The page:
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"The respect of media freedom and pluralism as common values of democratic societies is especially critical before elections that are to take place soon in Hungary," Kroes said.
Enforcing these new rules was a new watchdog, the Media Council. Its composition is decided by parliament. Because Orban's Fidesz party has a two thirds majority in parliament, the council is made up exclusively of Fidesz appointees.
According to the accounts of dozens of media insiders interviewed by Reuters, Orban's Fidesz party has extended its influence across the state financed media. Current and former journalists say Orban's press chief determines what issues will Roshe Shoes For Men Blue be raised in interviews with the prime minister. They say executives have created a culture that discourages tough questioning and employees who dissent are moved aside.
At the end of the interview, after Orban had evaluated Hungary's six month presidency of the European Union, which was about to end, the anchor rejoined: "It may then be joyful for every Hungarian that his country's prestige is growing in the world?"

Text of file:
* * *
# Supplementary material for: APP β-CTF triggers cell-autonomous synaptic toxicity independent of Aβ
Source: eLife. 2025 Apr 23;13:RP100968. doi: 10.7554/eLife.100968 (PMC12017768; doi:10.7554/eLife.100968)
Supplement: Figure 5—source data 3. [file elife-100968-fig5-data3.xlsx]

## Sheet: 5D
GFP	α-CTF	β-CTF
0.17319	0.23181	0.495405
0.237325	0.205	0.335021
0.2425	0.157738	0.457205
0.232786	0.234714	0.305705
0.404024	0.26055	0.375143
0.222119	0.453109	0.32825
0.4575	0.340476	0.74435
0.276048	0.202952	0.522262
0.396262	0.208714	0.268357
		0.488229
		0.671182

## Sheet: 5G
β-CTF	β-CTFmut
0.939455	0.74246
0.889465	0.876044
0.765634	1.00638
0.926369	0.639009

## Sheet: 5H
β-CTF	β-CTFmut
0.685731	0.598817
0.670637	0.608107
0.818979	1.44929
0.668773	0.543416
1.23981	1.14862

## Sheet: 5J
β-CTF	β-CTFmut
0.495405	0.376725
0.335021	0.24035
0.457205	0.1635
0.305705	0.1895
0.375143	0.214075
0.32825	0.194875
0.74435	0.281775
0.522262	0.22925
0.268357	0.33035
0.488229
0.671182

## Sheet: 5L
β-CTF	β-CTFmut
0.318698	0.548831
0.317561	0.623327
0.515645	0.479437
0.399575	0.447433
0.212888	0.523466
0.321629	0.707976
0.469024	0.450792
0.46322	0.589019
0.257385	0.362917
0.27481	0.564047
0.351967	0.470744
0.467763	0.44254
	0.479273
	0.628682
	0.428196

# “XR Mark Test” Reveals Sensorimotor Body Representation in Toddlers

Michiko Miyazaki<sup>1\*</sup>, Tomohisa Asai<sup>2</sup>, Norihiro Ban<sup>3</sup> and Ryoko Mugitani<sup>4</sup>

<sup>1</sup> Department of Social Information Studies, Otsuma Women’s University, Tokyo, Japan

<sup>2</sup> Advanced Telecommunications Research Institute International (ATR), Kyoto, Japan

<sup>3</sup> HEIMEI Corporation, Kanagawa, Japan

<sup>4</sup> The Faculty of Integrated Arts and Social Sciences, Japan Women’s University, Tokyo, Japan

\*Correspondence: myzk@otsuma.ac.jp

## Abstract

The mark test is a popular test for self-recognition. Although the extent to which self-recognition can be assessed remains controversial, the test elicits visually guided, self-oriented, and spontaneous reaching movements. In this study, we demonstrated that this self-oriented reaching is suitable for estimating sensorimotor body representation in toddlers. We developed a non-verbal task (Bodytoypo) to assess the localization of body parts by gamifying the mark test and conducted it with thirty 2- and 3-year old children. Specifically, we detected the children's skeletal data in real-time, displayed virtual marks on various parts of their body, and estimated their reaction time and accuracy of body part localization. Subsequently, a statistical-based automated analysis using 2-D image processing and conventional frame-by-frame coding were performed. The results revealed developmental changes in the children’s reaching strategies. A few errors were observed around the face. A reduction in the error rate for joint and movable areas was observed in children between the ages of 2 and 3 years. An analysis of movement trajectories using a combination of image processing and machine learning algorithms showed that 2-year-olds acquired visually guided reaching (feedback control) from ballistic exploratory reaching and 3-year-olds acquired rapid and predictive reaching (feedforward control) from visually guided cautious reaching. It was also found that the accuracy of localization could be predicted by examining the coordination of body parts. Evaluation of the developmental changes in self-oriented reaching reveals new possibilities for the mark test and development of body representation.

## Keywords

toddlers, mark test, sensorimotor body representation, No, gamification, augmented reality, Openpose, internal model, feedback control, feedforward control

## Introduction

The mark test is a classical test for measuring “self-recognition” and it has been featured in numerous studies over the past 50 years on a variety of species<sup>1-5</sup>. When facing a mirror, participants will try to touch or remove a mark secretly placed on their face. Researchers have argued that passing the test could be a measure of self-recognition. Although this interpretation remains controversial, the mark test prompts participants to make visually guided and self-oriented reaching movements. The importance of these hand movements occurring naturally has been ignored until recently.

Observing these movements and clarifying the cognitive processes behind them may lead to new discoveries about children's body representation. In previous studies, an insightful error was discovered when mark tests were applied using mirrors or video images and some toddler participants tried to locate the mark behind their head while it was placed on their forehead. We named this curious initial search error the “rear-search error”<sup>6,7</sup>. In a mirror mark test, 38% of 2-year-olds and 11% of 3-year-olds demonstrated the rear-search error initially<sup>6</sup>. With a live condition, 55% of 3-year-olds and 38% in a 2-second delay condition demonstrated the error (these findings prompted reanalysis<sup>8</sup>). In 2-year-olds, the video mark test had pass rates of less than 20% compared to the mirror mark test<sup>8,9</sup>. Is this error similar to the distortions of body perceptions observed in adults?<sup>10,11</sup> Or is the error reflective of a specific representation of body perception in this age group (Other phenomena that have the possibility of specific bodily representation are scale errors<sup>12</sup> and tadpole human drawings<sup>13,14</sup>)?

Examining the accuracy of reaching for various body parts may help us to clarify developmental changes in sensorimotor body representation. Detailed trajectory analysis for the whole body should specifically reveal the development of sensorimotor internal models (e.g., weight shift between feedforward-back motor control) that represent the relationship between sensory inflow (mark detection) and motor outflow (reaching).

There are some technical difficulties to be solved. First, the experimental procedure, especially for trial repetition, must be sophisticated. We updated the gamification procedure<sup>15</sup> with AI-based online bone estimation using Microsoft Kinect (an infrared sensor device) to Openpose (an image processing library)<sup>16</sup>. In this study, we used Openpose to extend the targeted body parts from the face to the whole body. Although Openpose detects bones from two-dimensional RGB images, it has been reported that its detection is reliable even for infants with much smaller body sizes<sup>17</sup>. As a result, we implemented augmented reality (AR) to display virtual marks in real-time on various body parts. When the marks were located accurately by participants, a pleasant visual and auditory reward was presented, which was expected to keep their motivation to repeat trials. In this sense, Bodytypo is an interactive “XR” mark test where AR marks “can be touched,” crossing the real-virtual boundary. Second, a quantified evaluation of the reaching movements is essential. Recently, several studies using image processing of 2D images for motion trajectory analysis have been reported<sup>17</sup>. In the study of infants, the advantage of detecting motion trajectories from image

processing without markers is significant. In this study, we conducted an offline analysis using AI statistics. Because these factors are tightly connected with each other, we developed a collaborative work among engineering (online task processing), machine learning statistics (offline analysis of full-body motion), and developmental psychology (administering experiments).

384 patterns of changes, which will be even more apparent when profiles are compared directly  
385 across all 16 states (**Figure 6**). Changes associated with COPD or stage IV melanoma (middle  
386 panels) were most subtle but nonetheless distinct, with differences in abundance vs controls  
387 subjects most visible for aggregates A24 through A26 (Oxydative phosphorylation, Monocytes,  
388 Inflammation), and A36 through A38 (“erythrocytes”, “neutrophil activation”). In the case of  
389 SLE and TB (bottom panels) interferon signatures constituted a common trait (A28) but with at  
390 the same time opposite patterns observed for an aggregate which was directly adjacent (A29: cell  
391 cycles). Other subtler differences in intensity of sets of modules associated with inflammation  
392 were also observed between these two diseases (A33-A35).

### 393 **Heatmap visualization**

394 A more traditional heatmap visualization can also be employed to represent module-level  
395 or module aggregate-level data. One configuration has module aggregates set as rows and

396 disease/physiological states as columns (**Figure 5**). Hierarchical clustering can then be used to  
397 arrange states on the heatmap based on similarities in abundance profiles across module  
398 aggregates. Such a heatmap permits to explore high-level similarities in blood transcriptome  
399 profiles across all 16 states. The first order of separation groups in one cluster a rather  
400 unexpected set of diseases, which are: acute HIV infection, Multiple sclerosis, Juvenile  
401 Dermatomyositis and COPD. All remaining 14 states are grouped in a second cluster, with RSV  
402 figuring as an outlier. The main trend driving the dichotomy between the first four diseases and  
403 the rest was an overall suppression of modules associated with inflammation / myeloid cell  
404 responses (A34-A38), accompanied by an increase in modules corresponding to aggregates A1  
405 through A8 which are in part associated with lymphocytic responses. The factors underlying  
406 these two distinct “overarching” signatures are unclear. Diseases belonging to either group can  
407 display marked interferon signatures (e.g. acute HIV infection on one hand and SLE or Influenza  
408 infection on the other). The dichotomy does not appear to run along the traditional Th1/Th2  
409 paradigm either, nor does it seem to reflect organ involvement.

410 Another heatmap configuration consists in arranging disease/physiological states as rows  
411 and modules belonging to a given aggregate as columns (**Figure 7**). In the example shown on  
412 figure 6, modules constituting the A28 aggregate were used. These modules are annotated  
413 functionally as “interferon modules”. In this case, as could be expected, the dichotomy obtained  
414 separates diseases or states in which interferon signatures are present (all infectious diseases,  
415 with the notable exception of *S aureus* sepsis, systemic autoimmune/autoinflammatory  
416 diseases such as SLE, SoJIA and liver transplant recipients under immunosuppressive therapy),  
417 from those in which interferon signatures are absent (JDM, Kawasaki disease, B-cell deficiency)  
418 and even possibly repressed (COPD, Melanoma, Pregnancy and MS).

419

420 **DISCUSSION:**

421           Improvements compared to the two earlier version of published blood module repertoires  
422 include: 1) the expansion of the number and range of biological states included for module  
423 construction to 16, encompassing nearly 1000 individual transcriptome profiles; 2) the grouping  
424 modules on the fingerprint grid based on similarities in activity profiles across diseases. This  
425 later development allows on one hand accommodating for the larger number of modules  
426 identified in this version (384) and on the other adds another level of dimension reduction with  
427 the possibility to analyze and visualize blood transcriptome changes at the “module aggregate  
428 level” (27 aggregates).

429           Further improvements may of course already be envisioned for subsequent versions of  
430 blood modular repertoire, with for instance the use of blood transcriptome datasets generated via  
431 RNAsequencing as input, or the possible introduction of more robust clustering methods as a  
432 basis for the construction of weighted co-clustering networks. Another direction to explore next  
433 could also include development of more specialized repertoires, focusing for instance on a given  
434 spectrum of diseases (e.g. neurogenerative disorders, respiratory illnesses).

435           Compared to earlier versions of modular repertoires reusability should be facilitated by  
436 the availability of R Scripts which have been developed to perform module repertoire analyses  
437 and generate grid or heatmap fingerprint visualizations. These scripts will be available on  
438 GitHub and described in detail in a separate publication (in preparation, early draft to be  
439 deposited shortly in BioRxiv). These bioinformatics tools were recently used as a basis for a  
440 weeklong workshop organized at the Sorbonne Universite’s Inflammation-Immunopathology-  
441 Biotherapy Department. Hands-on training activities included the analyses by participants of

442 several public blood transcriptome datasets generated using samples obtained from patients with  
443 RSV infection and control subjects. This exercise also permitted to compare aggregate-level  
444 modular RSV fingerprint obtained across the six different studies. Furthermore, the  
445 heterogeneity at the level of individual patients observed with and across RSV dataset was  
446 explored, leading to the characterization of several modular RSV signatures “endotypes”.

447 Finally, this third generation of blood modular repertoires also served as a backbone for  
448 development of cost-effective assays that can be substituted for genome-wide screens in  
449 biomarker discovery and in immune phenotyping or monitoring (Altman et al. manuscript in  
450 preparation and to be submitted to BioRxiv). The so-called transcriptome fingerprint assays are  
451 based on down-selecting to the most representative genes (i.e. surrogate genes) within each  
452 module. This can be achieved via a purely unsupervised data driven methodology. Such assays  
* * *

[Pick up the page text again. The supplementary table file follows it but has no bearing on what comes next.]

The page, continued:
Requests for an interview with the show's anchor were referred to a spokeswoman, who did not reply to detailed questions from Reuters. Top executives at the station also declined to answer questions.
By Marton Dunai
In his June 21 radio interview, Orban spoke about a cut in public debt, financed in part by a nationalisation of private pension fund assets that had alarmed markets and investors. The interview took an unusual course at no point did the show's anchor challenge the prime minister's answers or pose any questions about the risks arising from the nationalisation, a transcript posted on Orban's website shows.
BUDAPEST, Feb 19 (Reuters) On June 21, 2011 Hungarian Prime Minister Viktor Orban made a first appearance in what would become a regular slot on MR1 radio's news show.
In another change, all state media and news production was bundled together in one organisation MTVA whose leader is the leader of the Media Council.
Reuters also sent questions to senior executives at the organisation that groups together Hungary's state financed media, MTVA. They declined to comment. An MTVA spokeswoman said there was no link between the government and the editing process at MTVA media outlets.